As civilians, we trust the government and police force to keep us safe from wrongs of the world. However, for the minority groups in France there is a much different truth. Their truth involves their police officers using force and violence against them and in turn causing potential for bigger issues. When order is shattered with brutality, especially by the ones who are supposed to be maintaining this order, it is not surprising that the people being affected will react violently and angrily.
France has been known to pride itself on the equality and the idea that there is no such thing as racism in France. After so many minority groups fought in wars for France, they were placed in suburbs and poor ghettos. This created segregation between classes. Police were then given permission to expel any immigrants who failed to show proof of employment and housing. On October 25th, 2005 a group of boys of African and Arab descent, living in Paris were stopped by the police on their way home from playing soccer. They were told to show their identification papers. All of them had identification papers, however they had forgotten to bring them along. So instead of being honest with the officers, they fled in fear of what their punishment might be for forgetting their papers at home. The police chased them and cornered them into an electricity sub-station. While inside, the boys came in contact with a highly electrified piece of equipment. One of the boys got away, but with severe burns all over his body, the other boys were electrocuted to death (Schneider, 135).
This sad news carried further remorse for these communities because the officers were told they were not at fault by high standing officials, in particular, Nicholas Sarkozy (Schneider, 135). Not one of these officers was charged until they were indicted eighteen months later, and thus causing a major outrage in the community (135). There was three weeks of violence; cars being torched, buildings damaged and police officers wounded. The reason being that the government supported its officers in behaving violently towards the minority groups in France; this in turn made the people feel as though they had no other options than to act out in an outrage.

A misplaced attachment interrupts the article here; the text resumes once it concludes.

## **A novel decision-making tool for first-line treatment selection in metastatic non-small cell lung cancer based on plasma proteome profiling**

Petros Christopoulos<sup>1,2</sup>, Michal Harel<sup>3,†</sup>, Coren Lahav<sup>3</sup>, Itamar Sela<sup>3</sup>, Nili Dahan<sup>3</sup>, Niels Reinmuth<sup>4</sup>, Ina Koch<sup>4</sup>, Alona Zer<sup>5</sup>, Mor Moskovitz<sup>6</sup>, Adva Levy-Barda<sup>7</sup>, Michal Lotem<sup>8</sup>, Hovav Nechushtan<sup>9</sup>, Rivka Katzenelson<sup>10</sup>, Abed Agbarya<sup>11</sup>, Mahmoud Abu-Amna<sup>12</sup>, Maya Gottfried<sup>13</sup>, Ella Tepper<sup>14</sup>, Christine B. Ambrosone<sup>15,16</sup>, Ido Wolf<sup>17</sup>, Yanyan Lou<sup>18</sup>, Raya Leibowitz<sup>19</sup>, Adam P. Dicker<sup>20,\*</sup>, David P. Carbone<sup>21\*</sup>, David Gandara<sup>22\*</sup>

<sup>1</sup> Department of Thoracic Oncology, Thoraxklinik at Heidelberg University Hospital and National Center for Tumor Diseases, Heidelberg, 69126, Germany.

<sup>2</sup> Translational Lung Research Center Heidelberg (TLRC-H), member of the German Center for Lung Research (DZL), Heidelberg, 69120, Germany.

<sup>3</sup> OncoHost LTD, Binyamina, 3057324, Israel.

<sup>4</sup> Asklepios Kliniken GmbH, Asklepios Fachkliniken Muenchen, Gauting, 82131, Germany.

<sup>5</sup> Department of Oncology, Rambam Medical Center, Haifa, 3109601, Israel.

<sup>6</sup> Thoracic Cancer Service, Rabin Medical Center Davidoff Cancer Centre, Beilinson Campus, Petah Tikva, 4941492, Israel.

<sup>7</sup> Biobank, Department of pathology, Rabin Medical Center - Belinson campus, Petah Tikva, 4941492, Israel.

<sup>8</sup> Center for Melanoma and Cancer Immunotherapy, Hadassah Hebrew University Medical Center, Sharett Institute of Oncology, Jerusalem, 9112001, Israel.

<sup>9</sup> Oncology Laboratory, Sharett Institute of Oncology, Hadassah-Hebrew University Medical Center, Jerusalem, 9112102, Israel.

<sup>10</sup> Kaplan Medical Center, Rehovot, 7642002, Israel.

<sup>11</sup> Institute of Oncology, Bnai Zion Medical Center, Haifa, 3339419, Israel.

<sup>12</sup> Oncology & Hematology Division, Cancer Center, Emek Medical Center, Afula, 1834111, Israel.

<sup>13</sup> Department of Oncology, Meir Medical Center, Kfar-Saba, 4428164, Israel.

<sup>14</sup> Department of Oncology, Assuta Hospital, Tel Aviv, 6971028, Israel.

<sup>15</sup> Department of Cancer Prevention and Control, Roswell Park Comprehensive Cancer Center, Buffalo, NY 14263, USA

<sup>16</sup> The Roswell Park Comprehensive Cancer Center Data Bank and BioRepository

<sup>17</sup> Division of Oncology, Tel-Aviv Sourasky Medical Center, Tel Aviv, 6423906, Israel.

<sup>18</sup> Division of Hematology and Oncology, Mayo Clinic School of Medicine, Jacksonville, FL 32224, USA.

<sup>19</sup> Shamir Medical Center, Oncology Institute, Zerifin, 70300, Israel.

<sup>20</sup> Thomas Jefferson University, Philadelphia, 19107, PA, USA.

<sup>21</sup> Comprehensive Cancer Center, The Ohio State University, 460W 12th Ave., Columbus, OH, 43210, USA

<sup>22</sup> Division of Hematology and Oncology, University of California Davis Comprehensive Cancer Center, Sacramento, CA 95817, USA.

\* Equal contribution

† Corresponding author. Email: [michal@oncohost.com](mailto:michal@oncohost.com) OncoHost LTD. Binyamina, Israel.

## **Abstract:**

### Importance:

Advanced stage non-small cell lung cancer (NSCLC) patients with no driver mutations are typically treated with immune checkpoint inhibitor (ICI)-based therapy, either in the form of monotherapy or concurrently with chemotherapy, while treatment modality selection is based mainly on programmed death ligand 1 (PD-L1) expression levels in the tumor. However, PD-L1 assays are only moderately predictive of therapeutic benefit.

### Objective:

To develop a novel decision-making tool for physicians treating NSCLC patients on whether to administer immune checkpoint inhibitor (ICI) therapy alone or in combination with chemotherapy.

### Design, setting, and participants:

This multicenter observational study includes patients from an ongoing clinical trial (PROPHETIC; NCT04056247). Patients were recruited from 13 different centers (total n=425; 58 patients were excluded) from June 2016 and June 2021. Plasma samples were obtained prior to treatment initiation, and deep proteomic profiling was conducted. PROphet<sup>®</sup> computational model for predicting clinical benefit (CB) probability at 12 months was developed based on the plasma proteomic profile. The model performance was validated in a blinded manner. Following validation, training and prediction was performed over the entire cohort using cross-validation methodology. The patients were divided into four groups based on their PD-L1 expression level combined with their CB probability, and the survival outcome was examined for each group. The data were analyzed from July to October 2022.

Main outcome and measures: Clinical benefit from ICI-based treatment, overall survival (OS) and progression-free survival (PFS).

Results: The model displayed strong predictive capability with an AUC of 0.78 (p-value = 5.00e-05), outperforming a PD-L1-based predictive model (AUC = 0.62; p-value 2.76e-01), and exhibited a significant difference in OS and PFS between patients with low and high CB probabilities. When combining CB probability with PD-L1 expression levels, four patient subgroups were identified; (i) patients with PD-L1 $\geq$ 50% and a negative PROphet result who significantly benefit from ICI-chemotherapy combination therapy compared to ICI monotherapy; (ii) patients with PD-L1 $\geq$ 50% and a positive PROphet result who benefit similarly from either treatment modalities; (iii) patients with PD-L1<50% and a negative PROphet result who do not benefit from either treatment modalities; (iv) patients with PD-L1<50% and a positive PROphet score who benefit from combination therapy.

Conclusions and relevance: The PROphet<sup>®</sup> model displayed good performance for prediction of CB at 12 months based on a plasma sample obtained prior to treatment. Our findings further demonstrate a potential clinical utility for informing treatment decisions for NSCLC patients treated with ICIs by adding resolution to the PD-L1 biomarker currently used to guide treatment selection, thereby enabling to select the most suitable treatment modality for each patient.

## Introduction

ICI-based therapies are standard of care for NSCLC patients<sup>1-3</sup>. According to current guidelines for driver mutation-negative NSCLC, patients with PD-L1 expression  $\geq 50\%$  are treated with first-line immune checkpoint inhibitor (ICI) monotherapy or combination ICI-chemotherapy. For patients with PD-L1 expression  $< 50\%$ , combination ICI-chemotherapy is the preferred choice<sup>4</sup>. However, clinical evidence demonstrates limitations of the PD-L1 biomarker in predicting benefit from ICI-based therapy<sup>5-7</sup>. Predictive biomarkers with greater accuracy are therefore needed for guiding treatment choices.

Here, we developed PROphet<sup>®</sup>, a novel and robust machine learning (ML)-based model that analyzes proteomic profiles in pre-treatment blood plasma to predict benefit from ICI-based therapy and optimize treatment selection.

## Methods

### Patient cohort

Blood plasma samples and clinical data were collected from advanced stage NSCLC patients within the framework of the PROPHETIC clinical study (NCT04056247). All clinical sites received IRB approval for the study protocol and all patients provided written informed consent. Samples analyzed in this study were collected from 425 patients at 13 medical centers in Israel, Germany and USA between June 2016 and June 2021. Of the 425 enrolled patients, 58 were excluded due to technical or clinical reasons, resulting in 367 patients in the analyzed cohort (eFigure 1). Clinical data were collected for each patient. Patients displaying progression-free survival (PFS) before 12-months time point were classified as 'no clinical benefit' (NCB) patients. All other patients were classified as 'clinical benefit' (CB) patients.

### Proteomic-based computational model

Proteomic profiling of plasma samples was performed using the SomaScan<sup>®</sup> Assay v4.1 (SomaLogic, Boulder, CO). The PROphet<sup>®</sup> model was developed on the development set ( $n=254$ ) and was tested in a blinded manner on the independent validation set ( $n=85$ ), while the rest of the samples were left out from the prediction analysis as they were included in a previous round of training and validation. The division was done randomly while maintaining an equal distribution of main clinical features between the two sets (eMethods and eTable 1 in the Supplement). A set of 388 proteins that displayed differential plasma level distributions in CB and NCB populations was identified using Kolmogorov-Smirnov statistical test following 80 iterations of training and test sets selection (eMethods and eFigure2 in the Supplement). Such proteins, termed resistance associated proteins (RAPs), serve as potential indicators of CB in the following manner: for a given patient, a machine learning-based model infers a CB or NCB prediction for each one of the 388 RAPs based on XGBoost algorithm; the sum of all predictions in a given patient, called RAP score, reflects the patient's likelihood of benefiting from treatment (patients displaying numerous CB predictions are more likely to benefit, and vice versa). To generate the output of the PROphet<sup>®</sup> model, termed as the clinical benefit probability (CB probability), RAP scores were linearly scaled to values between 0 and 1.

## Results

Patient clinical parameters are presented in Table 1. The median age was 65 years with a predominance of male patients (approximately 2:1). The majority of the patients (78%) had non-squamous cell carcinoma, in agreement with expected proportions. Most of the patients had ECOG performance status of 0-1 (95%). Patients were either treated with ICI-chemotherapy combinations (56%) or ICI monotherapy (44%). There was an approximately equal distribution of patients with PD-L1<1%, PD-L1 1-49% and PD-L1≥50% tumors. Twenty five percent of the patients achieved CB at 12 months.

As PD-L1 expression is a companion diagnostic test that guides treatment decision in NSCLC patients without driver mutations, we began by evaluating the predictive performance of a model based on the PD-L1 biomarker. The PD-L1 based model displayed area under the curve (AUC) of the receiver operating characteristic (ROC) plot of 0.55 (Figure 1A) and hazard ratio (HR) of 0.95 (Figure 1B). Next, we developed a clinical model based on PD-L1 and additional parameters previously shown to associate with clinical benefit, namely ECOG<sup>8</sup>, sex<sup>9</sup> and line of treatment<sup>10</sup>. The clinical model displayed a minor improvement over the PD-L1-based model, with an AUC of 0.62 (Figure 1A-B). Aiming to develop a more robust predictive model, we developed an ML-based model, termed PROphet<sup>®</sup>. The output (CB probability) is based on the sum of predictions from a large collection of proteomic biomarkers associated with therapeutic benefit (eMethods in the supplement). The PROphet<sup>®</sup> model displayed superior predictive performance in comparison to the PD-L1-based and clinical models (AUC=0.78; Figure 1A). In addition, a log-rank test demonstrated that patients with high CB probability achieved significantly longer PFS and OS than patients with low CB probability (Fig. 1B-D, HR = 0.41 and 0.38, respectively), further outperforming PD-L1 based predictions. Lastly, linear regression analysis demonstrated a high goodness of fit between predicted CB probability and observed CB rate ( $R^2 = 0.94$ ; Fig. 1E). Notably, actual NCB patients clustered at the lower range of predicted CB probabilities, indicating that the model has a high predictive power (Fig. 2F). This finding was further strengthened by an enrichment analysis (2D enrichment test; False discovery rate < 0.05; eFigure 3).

Neither group can really say that they found justice in these actions. The police officers used brutality through following orders, and pursuing the peace. The minority groups felt nothing but pain and suffering, even in the midst of receiving revenge for the wrongs that had been done to them, and publicly displaying the grievances they had experienced over the years.
The people are wary of everything in France and the major reason being that the police and government will not take responsibility for it. Mostly, families in these minorities groups now want justice for the two innocent boys and an resolution to keep the community safe from habitual police harassment. For theses minorities now, getting justice sometimes means more or, indeed, less than getting revenge. One thing that is seen as admirable, if not impressive, is the class solidarity and unity that is now formed amongst the repressed, politically isolated, and racially stigmatized by those who suffer at the hands of the French police and officials.
The issue of state-sponsored violence and police brutality is a major issue for GWSS because it is greatly influenced by oppressive ideologies. In resolving the issue, it will also return a balance to the communities effected.
Cassara Harmelink, Bessie Browne, Hannah Hill, Simar Warraich, An An Hua, Michelle Williams